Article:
Have you ever experienced that your architecture is limiting your agility?
We have indeed and often it is because of no or too much architecture guidance. We have also experienced people stating agility is about fast changes, and therefore contradicts the up-front creation of architecture.
We agree that agility is the ability of an organization to renew itself, adapt, change quickly, and succeed in an ambiguous and rapidly changing environment. However, we disagree that agility is incompatible with stability—quite the contrary. Agility requires stability and architecture thinking can provide that stability.
For example, with no architecture guidance or boundaries the playing field is completely open. Then people will often make specific choices based on
- The easiest to do right now
- Hey – this is the new shiny technology (and then it was not …)
- I just learned these new patterns and approaches let’s use them
In most cases this leads to a solution that is hard to maintain and evolve. It will likely be redundant (solving the same again and again) and suffer from quality issues typically related to test-ability, security and performance. Multiply this by the number of development teams and number of years with that kind of development in a large organisation, then you have an idea where some of the complexity comes from.
In our experience best architectures enables organizational agility by defining elements of the design that are stable, and elements that require a flexible structure. And best architectures only define enough detail to guide the decisions at hand. Consequently, the architecture keep options open, while providing a stable foundation for the solution to evolve.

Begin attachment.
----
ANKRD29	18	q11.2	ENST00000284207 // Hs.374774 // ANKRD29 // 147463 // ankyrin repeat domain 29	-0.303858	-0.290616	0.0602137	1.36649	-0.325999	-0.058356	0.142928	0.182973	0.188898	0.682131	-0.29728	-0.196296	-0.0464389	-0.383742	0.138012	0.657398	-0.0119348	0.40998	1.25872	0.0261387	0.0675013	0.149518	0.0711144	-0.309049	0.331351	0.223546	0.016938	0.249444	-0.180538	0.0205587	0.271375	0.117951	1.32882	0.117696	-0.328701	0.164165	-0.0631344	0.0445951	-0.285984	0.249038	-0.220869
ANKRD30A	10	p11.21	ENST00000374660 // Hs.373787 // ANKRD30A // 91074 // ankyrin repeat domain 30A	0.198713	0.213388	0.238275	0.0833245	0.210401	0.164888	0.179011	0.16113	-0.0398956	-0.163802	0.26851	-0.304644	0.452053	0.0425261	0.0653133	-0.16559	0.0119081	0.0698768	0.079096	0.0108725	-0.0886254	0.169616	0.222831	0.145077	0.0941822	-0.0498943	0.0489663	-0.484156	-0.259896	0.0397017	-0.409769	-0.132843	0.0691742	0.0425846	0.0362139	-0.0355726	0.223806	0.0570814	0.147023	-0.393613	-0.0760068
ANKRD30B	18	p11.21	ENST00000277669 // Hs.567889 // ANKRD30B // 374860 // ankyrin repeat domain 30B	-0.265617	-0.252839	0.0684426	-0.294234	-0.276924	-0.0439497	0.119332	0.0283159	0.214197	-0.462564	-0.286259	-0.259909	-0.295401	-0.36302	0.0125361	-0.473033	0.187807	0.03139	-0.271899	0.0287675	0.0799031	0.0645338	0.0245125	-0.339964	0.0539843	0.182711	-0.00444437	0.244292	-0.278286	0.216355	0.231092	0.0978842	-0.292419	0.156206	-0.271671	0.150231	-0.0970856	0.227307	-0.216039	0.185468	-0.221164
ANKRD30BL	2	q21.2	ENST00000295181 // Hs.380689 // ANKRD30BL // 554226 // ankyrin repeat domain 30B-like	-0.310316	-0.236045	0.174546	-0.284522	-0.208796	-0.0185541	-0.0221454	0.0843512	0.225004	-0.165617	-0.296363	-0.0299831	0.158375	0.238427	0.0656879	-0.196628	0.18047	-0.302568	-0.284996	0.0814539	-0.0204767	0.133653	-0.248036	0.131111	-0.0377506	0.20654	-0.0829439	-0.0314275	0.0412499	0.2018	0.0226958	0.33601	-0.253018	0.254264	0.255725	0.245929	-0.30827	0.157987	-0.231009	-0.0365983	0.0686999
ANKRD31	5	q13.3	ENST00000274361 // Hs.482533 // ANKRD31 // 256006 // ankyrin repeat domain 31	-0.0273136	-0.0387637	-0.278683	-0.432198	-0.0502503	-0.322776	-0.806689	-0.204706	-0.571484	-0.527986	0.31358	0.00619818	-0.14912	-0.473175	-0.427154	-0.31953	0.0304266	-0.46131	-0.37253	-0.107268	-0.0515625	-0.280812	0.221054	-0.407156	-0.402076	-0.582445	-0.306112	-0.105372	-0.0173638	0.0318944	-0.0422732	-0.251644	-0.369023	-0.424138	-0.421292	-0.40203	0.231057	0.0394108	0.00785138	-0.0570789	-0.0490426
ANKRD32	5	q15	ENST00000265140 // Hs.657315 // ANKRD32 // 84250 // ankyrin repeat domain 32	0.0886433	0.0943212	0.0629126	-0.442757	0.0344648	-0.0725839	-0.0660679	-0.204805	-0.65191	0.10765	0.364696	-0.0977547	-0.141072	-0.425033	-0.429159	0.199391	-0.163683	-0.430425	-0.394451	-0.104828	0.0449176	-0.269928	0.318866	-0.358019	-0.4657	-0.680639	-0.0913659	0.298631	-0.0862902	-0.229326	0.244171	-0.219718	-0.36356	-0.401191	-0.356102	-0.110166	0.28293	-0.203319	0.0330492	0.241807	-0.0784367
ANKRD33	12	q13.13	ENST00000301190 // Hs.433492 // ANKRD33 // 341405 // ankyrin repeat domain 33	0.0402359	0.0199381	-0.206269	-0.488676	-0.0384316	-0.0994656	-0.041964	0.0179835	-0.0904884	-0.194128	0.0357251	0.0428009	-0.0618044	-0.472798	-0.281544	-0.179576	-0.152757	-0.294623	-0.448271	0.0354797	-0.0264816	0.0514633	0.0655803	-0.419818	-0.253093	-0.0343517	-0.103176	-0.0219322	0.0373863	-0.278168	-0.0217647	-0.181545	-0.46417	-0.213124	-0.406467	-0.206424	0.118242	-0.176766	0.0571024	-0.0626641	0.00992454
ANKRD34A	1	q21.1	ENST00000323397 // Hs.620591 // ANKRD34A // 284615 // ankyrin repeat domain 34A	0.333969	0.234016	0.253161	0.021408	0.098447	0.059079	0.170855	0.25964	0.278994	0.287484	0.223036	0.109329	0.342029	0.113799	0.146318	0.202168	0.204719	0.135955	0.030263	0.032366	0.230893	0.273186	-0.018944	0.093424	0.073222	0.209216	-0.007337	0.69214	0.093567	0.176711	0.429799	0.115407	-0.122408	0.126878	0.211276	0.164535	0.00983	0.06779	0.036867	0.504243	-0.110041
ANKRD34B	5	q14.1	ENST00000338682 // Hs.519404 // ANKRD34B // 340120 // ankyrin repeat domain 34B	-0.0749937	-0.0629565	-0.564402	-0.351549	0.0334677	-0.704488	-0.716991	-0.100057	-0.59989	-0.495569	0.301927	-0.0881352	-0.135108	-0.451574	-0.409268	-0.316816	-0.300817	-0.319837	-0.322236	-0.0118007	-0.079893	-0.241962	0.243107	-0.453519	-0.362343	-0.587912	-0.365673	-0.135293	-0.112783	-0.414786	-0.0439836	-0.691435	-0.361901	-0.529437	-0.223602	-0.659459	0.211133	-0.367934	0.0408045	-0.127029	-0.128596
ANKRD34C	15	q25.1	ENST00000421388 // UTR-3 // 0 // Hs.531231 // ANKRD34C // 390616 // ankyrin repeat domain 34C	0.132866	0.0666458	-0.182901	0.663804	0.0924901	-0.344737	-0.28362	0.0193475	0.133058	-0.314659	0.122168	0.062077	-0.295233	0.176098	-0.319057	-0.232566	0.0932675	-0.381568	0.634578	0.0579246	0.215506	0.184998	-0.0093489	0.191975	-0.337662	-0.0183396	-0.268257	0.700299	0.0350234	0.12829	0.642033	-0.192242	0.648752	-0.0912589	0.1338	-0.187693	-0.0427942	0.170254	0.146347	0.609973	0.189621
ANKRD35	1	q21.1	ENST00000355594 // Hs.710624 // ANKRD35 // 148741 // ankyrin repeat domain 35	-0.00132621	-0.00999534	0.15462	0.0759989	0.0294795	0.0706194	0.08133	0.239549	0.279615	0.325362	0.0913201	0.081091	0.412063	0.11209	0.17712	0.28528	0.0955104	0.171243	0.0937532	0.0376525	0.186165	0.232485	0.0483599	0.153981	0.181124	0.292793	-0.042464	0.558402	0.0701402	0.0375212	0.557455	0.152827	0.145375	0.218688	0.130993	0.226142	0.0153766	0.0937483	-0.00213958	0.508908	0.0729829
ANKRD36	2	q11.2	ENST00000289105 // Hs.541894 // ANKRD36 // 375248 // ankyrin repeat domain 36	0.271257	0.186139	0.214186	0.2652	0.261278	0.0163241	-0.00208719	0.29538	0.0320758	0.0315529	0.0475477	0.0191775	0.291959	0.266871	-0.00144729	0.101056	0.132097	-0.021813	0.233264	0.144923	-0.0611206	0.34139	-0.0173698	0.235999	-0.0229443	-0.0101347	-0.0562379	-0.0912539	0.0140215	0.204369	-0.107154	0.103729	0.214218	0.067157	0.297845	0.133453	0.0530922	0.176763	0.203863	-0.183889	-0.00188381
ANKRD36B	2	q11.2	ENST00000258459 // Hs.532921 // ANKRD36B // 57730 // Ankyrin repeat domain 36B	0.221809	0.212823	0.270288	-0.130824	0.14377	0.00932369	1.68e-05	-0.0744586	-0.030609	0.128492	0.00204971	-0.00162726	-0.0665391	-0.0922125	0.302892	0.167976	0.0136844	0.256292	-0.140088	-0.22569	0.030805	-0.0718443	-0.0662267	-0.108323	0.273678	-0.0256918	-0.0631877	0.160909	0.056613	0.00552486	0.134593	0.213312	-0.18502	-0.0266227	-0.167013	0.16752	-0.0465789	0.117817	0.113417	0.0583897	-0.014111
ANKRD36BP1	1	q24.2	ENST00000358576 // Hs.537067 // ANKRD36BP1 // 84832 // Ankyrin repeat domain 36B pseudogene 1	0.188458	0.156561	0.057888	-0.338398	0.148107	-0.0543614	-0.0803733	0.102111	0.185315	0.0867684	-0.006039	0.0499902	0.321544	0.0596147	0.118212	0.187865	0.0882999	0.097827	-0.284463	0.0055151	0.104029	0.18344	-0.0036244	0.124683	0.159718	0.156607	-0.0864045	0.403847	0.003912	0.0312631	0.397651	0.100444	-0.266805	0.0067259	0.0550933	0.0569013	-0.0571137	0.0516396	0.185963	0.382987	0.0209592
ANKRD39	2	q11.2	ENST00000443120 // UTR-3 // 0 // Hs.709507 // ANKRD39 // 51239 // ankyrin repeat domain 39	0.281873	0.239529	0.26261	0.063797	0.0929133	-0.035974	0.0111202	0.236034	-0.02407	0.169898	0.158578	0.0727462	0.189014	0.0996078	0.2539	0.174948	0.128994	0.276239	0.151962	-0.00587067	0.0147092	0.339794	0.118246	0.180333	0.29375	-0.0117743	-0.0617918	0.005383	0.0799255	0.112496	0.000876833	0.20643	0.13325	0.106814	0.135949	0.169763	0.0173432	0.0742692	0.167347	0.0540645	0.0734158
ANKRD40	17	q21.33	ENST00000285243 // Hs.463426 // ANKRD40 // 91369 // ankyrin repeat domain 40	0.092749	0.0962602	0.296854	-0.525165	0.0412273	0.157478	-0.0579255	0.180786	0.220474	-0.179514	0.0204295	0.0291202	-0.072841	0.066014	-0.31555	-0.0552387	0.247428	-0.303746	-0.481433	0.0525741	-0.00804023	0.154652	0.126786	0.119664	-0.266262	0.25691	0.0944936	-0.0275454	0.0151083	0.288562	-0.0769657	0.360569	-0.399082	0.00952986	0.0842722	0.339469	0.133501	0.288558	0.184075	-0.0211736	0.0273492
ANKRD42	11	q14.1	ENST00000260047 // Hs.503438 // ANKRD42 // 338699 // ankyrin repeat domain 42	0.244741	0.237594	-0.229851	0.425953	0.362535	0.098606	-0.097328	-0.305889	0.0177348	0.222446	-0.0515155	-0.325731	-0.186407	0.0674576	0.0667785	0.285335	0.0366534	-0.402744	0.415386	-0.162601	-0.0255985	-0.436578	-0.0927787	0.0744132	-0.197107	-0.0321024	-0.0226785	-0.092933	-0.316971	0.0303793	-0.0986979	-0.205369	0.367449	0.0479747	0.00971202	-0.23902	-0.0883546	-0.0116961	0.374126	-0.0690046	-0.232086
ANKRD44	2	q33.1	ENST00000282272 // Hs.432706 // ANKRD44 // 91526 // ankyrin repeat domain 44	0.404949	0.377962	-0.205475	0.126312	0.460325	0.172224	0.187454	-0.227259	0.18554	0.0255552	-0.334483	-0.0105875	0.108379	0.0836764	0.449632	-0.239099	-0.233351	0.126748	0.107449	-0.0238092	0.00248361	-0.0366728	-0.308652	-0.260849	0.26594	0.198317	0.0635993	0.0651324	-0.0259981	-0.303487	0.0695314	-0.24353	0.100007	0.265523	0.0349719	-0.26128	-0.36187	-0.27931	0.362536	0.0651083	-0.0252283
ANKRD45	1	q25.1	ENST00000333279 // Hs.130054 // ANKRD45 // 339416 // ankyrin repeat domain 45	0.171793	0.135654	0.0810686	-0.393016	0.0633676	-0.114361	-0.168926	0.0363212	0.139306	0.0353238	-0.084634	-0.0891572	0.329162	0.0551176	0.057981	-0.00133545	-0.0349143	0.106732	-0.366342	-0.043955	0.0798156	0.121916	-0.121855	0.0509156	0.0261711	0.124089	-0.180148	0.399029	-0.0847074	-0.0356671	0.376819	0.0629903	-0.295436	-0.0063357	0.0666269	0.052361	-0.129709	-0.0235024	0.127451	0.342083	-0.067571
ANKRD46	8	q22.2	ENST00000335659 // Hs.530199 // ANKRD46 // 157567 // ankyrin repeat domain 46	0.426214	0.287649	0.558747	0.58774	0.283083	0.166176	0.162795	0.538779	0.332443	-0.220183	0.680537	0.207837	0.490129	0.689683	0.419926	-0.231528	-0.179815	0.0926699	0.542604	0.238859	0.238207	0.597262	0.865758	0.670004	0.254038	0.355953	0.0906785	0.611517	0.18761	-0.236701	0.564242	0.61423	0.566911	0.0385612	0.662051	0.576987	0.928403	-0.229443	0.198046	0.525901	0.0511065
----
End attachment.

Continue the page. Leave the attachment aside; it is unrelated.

So, what could be stable elements? Two examples: the logic in your business domain and a technology catalog. One is a given, the other is decided.
When you abstract your architecture from the current use of IT and the current organisational setup, and look at what is being done, what are the dependencies, the sequence and rules. Then you will see the behavior, structure and logic which really constitute the domain knowledge. This is fundamentally stable and should guide the definition of stable structures in our systems, i.e. the structure in your architecture and your organisation. The key in using domain knowledge, is to avoid creating artificial dependencies due to how you have organised. Rather using the domain knowledge, you figure out the dependencies inherent in the domain. You ensure your architecture is created to manage these, while keeping options open for everything else.
A technology catalog can provide a set of technology choices enabling fast decisions as well as ensuring that the organisation does not steadily increase the number of technologies to maintain and monitor. Hence a technology catalog provides stability if the choices allow for flexibility in building solutions, and the governance around managing the catalog is lean and not too cumbersome (e.g. with many layers of decision). Basically, the purpose of the technology catalog is to provide a boundary, where the people building solutions can make decisions on their own. Thus avoiding the need to go through heavy compliance processes and slowing down the process.
These are just two examples on how architecture can provide stability as a foundation for the organisation to be agile.
architecture ensure stability, while creating room for flexibility in your
 This is basically Conway’s law